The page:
He Said, She Said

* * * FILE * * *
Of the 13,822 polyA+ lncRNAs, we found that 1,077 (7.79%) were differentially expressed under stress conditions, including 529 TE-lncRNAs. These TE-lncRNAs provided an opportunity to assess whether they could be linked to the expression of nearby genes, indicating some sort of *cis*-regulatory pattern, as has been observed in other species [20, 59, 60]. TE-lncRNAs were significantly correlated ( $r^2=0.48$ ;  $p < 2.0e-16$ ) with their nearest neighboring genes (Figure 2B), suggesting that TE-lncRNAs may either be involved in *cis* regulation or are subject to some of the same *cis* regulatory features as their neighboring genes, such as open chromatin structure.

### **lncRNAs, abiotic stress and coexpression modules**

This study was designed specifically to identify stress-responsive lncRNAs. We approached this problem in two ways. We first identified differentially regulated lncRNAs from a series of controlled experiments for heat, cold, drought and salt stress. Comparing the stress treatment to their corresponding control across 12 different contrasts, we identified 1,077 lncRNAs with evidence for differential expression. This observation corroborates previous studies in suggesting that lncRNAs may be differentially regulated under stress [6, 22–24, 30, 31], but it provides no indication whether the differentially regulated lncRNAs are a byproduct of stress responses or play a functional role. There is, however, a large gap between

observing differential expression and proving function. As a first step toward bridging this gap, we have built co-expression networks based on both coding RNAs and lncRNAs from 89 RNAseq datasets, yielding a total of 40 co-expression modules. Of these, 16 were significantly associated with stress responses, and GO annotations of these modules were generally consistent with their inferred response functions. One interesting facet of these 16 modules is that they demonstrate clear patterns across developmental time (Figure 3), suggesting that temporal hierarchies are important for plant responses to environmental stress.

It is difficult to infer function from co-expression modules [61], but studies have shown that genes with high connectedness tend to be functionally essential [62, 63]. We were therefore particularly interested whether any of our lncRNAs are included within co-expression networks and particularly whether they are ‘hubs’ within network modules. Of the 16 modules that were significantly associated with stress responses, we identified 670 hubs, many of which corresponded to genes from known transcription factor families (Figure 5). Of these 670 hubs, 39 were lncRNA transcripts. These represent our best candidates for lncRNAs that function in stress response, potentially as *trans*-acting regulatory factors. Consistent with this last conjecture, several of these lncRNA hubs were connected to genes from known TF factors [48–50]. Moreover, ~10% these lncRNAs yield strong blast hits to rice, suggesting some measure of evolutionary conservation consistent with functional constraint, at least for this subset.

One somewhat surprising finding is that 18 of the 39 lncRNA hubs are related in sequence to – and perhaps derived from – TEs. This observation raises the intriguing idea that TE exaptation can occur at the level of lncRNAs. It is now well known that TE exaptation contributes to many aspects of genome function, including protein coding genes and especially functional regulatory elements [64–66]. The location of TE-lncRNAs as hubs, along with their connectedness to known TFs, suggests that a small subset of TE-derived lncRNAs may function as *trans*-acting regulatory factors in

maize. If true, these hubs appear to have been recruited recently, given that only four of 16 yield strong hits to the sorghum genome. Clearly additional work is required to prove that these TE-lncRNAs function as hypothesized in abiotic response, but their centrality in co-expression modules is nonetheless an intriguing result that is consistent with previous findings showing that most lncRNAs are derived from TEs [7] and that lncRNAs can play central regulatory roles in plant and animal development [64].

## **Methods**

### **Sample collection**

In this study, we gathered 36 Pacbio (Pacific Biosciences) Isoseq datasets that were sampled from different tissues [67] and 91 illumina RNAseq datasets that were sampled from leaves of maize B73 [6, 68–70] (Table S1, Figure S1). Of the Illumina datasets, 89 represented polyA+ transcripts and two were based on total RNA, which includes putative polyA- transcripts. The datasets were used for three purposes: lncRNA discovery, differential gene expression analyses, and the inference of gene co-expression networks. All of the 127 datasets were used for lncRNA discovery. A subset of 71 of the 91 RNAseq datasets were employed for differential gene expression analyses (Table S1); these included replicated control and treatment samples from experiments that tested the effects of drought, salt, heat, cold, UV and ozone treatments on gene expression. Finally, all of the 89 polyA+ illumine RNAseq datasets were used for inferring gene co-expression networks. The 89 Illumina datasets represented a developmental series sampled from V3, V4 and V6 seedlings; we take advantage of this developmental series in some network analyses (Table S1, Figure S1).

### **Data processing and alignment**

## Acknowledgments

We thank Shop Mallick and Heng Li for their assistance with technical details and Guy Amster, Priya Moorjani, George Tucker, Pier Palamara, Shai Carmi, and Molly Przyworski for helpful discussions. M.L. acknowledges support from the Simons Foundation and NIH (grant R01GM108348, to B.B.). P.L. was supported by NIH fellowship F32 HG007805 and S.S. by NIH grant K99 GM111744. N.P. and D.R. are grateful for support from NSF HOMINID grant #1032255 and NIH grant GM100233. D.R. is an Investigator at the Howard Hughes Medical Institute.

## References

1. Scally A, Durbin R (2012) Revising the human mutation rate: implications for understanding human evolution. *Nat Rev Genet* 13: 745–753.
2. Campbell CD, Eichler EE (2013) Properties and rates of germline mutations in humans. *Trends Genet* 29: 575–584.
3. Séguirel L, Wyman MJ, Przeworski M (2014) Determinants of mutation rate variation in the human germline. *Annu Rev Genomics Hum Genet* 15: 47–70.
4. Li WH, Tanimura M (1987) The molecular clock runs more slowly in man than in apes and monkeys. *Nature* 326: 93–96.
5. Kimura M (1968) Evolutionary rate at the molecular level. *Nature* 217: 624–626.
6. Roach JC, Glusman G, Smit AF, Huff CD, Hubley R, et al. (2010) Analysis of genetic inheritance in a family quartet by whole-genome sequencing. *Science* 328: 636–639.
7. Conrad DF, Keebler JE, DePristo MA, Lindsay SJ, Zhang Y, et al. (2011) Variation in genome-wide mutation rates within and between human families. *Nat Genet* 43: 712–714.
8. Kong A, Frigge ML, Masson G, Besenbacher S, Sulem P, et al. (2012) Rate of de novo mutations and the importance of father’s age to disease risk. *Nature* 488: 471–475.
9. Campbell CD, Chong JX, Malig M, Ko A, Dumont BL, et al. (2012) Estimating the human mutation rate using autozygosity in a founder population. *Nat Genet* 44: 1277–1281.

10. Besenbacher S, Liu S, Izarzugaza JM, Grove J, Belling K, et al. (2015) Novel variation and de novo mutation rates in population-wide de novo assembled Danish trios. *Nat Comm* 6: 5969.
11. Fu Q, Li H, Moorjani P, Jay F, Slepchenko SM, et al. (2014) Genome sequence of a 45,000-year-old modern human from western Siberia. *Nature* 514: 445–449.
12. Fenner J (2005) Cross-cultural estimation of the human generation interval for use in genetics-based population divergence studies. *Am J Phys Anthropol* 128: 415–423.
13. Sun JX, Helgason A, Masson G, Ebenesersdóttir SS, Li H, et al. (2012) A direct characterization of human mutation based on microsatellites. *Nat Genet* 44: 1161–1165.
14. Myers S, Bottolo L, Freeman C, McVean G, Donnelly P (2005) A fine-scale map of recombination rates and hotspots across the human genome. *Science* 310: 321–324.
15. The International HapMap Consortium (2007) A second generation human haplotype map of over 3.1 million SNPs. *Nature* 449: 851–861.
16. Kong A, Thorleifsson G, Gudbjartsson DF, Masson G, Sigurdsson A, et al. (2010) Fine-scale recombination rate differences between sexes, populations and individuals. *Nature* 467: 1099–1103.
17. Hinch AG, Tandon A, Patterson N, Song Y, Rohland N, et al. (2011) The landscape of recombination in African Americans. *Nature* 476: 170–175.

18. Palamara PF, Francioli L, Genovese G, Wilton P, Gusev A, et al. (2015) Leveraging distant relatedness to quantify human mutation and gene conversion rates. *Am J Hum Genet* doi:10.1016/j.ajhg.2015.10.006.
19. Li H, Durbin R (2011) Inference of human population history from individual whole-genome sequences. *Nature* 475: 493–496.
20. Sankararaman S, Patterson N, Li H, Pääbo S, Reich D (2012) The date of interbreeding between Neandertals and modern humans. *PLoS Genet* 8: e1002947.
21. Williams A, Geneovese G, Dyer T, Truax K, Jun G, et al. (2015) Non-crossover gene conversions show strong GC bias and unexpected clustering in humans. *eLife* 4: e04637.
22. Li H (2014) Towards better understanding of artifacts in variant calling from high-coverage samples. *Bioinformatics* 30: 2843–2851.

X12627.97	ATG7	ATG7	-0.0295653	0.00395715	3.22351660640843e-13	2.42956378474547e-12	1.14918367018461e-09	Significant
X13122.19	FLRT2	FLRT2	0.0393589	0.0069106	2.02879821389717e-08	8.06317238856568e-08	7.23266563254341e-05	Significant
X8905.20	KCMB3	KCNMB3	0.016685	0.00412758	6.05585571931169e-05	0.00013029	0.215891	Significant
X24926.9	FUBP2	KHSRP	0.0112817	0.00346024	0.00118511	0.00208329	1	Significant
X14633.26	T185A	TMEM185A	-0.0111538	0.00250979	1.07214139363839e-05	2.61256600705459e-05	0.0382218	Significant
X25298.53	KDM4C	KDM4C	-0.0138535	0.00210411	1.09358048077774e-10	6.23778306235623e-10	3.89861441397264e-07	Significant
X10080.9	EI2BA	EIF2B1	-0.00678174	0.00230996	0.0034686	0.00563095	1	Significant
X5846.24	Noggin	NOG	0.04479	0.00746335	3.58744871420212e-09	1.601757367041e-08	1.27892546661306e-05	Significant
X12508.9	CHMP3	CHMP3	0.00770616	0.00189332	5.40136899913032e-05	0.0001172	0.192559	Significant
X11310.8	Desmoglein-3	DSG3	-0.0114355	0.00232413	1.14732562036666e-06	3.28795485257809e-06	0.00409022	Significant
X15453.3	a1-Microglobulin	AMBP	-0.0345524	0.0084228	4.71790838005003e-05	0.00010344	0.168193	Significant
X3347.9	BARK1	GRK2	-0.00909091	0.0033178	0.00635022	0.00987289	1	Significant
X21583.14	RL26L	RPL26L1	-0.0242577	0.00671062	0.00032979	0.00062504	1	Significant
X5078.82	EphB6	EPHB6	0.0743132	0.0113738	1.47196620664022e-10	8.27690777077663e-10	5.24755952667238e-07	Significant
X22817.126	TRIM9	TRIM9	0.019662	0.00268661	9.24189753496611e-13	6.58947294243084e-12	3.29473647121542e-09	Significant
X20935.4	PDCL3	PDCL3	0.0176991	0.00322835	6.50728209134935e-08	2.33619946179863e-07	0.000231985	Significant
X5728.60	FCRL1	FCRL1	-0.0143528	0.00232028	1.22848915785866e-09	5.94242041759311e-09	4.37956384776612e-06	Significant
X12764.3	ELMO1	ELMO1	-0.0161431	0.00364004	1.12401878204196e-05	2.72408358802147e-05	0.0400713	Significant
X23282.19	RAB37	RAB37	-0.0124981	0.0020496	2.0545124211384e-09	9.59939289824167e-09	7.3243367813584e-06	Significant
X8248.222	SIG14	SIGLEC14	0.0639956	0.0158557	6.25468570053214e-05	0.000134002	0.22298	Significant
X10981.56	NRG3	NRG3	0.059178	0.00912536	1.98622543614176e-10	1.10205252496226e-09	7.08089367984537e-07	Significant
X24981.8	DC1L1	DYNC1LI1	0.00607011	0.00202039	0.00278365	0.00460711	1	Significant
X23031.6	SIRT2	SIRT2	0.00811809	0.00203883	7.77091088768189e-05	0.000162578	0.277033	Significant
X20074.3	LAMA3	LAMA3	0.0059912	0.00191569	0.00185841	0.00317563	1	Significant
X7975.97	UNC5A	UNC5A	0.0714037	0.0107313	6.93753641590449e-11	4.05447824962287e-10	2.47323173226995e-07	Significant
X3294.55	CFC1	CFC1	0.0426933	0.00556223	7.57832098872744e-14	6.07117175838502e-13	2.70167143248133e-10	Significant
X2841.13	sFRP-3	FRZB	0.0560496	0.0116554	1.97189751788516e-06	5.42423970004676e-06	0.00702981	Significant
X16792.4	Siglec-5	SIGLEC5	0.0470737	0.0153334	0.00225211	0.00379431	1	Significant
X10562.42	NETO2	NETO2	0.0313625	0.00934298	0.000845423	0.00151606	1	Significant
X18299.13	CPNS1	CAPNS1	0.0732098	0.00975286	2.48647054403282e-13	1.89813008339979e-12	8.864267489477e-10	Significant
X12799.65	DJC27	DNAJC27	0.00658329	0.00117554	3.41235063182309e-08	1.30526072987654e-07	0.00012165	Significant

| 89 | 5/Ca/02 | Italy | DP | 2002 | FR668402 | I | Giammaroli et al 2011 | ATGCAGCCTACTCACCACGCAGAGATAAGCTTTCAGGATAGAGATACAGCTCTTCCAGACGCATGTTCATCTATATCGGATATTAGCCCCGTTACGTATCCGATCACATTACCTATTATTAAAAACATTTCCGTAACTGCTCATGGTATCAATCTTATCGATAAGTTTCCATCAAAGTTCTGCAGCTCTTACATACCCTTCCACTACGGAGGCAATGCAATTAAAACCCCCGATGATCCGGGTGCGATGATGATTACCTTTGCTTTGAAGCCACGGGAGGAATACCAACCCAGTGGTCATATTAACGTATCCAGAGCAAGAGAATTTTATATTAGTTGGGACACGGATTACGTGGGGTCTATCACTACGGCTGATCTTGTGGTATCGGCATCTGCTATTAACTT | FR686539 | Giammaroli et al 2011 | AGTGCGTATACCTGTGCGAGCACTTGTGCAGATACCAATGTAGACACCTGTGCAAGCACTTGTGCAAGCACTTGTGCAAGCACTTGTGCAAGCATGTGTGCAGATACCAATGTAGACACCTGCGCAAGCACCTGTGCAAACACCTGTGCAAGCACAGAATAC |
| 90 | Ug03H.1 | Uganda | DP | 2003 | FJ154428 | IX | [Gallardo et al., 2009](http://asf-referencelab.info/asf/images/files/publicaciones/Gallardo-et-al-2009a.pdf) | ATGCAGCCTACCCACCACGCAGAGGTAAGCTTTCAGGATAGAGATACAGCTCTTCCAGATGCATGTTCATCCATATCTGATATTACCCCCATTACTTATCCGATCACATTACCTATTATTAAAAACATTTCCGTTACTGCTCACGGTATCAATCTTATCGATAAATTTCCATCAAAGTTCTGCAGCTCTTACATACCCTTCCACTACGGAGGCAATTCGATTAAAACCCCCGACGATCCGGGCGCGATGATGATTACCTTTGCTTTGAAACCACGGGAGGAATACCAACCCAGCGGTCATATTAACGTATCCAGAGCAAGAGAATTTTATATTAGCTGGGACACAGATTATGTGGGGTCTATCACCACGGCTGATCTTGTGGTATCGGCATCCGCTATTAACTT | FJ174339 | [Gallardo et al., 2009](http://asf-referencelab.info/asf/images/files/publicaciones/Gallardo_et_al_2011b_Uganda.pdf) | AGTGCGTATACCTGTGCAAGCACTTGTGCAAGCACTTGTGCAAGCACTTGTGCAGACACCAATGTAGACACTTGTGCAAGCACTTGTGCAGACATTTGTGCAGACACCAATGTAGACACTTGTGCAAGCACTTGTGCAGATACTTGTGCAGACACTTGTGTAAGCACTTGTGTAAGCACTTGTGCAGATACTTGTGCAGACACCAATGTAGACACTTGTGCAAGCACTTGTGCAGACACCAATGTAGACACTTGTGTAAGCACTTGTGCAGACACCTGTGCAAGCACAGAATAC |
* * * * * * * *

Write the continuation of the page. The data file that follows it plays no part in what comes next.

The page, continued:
IN ITS efforts to redress sexual, social, political, economic, artistic, and religious inequalities, the new feminism has thrown into question all those institutions under whose auspices men and women through the centuries have sought to combine their lots or join their fates. Marriage, the family, child-bearing and child-rearing, even the man-woman thing itself, are being subjected to such harsh scrutiny and challenge that it is now difficult for some people to take for granted anything about life between the sexes. At the heart of the dissension, I believe, is a failure of dialogue between man and woman-a failure that to some degree, with notable exceptions, has always existed, and now, with our present self-consciousness, is being experienced with greater anguish. I shall not use the term “dialogue” again-for the reason that the word has become so debased in the last few years that it is used to identify almost any public or private babble. Instead I shall talk about talk-real talk-between a particular man and a particular woman. Be it contentious or amicable, playful or serious, such man/woman talk requires a forthrightness on each side that represents the experience of each, and at the same time is addressed to the experience of the other without duplicity or evasion. Its medium is language, a problematical medium that may obscure as much as it may reveal; yet no other medium will serve.
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